Modern Islamic militancy emerged in Indonesia during the late 1940s and the early 1950s. Darul Islam (Abode of Islam), a radical Islamist group whose vision was to establish an Islamic state in Indonesia, revolted in West Java in the 1950s. The rebellion was crushed, and relatively little was heard about Darul Islam style radicalism in Indonesia until the late 1970s. In mid-1977, the Suharto regime arrested 185, many with Darul Islam connections. Two leaders, Abu Bakr Baasyir and Abdullah Sungkar, carried on the aims and mission of Darul Islam. Indeed, many Jemaah Islamiyah (JI) members draw ideological inspiration from those struggles, while contemporary Darul Islam members have cooperated in JI activities. 
Jemaah Islamiyah was officially founded in 1993-94 in Malaysia where Baasyir and Sungkar were in hiding from the Indonesian authorities. The organization’s struggle is primarily concerned with domestic issues in Indonesia. Its principal goal is the establishment of an Islamic government in Jakarta, followed ultimately by the formation of a unified Islamic state in the Southeast Asian region. Shari’ah law was to govern the region. This Caliphate would stretch from southern Thailand, through the Malay Peninsula across the Indonesian archipelago and into the southern Philippines.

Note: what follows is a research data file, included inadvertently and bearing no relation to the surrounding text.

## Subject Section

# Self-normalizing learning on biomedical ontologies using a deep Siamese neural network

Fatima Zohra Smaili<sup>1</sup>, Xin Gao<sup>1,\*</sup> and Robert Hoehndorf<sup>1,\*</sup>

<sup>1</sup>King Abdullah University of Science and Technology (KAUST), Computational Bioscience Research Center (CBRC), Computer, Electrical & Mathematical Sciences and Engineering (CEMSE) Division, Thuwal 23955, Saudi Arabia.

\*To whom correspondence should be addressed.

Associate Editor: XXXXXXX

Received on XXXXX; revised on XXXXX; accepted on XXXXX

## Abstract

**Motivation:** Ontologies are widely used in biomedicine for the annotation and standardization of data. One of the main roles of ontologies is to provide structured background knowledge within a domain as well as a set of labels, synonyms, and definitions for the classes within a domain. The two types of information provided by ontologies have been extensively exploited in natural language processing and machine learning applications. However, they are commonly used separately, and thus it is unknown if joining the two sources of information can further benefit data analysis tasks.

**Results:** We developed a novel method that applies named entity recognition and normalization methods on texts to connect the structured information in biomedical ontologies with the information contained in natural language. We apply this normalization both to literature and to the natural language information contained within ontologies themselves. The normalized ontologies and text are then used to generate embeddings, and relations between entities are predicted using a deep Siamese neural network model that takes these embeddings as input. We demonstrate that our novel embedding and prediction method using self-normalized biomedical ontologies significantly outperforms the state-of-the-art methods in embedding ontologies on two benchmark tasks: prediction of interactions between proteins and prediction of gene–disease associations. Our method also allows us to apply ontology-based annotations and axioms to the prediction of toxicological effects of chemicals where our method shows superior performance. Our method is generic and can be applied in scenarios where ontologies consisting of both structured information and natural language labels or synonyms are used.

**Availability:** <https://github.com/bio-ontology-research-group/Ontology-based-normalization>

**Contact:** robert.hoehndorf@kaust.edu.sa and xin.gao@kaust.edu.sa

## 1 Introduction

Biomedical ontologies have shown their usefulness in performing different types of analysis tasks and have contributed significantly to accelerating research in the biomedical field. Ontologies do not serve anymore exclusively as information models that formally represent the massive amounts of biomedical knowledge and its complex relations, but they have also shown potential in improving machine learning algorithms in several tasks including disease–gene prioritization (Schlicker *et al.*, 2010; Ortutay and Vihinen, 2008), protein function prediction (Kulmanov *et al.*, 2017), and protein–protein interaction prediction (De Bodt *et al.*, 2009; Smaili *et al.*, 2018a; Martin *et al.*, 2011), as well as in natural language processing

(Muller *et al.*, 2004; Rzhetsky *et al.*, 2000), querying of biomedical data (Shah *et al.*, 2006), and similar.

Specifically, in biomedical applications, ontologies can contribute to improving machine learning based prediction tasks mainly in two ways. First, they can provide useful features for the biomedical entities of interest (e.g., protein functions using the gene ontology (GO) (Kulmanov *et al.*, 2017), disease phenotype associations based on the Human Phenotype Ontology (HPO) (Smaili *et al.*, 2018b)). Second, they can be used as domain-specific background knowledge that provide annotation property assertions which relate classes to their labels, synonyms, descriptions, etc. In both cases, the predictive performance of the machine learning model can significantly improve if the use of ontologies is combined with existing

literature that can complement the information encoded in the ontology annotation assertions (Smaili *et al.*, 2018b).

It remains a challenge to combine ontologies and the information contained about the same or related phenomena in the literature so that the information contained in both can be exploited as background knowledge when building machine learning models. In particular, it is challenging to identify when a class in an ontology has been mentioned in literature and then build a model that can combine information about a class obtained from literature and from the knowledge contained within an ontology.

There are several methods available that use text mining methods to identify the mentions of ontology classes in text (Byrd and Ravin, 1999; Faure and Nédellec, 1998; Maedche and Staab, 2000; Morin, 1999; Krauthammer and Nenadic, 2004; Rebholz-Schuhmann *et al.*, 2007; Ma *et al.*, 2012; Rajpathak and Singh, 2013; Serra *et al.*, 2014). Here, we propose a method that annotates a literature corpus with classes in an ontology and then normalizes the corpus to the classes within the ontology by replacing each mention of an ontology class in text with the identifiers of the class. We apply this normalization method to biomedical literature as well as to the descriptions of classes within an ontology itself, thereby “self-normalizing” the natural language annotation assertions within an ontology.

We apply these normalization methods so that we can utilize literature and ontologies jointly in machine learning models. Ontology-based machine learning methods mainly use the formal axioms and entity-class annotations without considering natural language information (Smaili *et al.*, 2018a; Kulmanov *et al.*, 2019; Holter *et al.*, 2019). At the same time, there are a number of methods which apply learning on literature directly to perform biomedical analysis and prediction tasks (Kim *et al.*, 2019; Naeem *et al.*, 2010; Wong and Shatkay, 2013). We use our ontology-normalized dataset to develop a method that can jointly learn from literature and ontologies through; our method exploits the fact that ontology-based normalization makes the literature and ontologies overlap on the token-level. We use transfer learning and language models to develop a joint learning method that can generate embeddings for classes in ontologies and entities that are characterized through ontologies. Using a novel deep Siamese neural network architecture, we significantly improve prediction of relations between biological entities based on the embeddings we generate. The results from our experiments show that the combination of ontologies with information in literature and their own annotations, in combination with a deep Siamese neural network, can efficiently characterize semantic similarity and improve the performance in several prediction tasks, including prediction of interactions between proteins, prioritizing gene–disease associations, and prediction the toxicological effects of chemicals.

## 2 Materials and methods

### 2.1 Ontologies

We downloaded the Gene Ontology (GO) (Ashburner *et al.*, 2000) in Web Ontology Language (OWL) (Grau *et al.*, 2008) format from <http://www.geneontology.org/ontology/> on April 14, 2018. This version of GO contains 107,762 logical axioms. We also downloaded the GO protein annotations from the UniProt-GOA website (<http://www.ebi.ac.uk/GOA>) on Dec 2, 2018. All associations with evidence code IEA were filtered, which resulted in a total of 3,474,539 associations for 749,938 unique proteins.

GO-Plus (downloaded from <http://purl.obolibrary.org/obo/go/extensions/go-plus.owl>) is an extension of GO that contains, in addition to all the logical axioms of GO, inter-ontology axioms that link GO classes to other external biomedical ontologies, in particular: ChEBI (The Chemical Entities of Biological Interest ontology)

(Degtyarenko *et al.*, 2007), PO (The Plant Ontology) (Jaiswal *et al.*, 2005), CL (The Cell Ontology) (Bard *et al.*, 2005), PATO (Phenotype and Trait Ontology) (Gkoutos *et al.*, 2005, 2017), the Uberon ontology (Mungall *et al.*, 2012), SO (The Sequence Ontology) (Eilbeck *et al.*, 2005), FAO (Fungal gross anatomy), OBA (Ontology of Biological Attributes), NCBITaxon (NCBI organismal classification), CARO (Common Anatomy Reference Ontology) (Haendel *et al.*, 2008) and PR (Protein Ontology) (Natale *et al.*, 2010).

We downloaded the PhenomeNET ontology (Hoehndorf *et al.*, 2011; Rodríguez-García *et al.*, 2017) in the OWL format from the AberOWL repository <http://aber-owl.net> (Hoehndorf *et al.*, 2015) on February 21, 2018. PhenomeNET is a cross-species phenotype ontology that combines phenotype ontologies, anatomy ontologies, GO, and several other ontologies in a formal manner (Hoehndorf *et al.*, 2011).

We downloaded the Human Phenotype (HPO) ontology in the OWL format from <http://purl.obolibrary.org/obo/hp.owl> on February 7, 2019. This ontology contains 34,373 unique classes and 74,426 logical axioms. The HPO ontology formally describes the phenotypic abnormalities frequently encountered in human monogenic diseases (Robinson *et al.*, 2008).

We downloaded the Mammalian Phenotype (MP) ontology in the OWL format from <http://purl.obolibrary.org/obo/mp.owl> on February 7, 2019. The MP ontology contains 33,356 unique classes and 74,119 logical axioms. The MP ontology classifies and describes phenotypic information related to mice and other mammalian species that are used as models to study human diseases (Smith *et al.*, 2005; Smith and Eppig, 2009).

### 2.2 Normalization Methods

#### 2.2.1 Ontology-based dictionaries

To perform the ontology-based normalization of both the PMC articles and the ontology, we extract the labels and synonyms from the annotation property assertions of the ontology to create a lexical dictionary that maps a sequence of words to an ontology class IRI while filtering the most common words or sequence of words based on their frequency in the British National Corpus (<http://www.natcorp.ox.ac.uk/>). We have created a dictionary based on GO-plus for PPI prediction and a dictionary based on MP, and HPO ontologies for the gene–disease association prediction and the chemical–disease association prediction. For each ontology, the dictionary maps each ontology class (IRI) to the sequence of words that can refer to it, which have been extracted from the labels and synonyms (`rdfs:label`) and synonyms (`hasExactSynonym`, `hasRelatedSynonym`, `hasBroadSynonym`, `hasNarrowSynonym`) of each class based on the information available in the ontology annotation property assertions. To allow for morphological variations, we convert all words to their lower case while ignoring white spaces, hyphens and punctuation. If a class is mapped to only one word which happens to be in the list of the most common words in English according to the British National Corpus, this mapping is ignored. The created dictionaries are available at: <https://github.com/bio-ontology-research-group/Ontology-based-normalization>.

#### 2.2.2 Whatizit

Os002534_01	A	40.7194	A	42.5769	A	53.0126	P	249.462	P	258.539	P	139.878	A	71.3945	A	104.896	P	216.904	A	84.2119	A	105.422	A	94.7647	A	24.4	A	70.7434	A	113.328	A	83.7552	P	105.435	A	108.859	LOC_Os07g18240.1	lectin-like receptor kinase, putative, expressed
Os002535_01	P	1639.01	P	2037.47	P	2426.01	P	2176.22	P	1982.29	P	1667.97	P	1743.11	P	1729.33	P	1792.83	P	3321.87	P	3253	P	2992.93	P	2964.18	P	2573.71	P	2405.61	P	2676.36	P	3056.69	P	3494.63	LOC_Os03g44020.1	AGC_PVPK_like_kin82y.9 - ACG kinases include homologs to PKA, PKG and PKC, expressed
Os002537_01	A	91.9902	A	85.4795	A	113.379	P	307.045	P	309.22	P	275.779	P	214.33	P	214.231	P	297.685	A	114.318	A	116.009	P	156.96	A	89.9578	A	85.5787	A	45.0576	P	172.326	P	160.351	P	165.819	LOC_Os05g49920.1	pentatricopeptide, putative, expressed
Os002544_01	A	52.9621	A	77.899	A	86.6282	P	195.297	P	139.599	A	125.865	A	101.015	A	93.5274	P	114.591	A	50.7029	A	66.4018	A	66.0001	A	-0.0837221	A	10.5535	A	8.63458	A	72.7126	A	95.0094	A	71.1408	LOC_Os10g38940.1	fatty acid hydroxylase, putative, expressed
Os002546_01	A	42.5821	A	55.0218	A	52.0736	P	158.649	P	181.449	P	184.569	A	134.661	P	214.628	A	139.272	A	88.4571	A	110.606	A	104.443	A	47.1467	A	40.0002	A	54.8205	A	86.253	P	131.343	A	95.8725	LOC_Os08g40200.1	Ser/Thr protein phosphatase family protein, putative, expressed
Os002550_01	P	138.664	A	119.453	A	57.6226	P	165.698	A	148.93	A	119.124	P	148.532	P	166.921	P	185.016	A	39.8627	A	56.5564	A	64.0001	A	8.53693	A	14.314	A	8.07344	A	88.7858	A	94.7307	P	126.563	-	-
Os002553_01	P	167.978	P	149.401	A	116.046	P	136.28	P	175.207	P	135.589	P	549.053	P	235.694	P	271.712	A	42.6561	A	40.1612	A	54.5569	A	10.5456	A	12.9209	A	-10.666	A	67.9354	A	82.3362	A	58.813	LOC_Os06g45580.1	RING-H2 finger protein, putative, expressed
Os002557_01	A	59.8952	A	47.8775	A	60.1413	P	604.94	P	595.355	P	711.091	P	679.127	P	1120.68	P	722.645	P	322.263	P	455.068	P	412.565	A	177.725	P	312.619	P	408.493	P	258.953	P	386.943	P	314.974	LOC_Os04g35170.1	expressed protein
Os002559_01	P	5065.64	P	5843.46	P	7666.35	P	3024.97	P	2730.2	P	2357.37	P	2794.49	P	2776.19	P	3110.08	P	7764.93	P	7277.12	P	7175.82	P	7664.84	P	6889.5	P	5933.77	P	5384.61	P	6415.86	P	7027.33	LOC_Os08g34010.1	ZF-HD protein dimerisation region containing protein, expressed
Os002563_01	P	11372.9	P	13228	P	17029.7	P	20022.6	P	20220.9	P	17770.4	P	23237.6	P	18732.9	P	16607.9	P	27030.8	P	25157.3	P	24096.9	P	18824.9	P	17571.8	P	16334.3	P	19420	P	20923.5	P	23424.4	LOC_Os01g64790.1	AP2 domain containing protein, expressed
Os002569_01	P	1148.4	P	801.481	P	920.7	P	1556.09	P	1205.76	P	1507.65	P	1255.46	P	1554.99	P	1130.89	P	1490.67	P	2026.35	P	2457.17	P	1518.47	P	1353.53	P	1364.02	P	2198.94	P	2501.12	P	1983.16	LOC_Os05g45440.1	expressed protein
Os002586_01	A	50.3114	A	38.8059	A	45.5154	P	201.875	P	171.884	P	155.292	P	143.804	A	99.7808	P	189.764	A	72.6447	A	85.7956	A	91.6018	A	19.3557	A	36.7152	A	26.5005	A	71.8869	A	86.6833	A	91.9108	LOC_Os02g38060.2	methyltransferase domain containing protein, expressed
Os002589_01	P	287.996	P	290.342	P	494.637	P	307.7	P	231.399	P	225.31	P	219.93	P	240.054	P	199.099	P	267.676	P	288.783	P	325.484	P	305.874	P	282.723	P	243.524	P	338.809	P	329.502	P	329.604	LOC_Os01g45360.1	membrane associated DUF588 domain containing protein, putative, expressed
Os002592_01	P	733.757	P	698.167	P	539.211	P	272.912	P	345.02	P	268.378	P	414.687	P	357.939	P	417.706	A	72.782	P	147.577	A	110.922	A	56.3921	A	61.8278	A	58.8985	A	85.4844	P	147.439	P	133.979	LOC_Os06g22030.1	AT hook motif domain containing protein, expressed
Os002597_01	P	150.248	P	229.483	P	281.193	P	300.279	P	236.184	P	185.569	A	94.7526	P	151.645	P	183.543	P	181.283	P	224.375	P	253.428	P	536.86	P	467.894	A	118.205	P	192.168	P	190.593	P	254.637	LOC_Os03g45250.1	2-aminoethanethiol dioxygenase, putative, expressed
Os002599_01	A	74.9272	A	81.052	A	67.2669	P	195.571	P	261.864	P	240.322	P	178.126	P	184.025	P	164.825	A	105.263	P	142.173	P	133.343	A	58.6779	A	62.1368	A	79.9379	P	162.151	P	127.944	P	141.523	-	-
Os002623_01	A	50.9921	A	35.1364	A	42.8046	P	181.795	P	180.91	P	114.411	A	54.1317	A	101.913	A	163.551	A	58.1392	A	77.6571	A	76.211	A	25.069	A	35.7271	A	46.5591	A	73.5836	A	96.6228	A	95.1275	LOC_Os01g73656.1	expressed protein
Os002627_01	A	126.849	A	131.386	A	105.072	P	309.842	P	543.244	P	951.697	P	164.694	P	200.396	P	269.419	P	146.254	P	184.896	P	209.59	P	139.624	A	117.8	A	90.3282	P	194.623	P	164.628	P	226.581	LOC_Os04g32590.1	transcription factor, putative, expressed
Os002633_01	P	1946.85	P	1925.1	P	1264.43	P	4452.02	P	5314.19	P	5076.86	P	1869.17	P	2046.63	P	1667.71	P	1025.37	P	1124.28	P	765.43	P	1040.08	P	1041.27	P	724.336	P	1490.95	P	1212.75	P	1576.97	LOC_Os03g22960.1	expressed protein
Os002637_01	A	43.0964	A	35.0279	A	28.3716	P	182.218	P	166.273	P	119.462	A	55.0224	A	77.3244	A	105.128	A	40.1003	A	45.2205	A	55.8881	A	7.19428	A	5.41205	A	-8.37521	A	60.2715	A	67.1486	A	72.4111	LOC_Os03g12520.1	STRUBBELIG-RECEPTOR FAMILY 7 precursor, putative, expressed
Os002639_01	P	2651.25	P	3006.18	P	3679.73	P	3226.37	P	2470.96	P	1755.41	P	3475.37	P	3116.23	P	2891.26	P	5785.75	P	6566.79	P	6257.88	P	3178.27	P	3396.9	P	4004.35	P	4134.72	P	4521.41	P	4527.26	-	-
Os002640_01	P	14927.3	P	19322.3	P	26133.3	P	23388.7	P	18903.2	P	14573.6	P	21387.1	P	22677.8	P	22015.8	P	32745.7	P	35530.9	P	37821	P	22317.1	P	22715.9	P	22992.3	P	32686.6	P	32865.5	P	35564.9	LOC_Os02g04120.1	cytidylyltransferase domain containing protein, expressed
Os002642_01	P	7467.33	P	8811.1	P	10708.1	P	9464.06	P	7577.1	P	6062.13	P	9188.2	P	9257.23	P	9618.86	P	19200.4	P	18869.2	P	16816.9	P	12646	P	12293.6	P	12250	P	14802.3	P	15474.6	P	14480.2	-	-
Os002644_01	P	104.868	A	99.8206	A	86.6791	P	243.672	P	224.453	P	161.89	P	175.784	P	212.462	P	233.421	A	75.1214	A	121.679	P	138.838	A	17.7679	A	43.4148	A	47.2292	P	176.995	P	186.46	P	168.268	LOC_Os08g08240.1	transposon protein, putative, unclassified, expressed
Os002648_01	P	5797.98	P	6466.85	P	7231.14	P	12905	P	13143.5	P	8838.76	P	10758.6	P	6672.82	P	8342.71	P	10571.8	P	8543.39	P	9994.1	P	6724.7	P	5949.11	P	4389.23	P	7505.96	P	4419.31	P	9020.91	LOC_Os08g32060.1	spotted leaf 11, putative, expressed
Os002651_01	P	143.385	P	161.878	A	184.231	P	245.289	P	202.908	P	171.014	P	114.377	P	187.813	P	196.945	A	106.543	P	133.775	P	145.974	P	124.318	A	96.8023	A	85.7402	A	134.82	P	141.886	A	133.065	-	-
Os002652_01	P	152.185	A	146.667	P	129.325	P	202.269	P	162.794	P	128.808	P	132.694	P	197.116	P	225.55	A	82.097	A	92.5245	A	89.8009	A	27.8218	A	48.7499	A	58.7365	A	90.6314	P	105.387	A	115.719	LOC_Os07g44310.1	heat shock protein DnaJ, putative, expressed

With Baasyir as spiritual leader and Sungkar as operations commander, the two were able to indoctrinate young Indonesians and Malaysians who shared their vision and objectives. Important future leaders emerged here, including Riduan Isamuddin, also known as Hambali, who established contacts with the al-Qaeda network while fighting with the mujahideen in Afghanistan in the 1980s. The fall of Suharto in 1998 and Indonesia’s attempt at building a democratic system of government enabled both Baasyir and Sungkar to return to Indonesia. The organization has carried out many terrorist acts since 2000 in pursuit of its goal, which has made JI a threat to the security not only of Indonesia but of the region as a whole.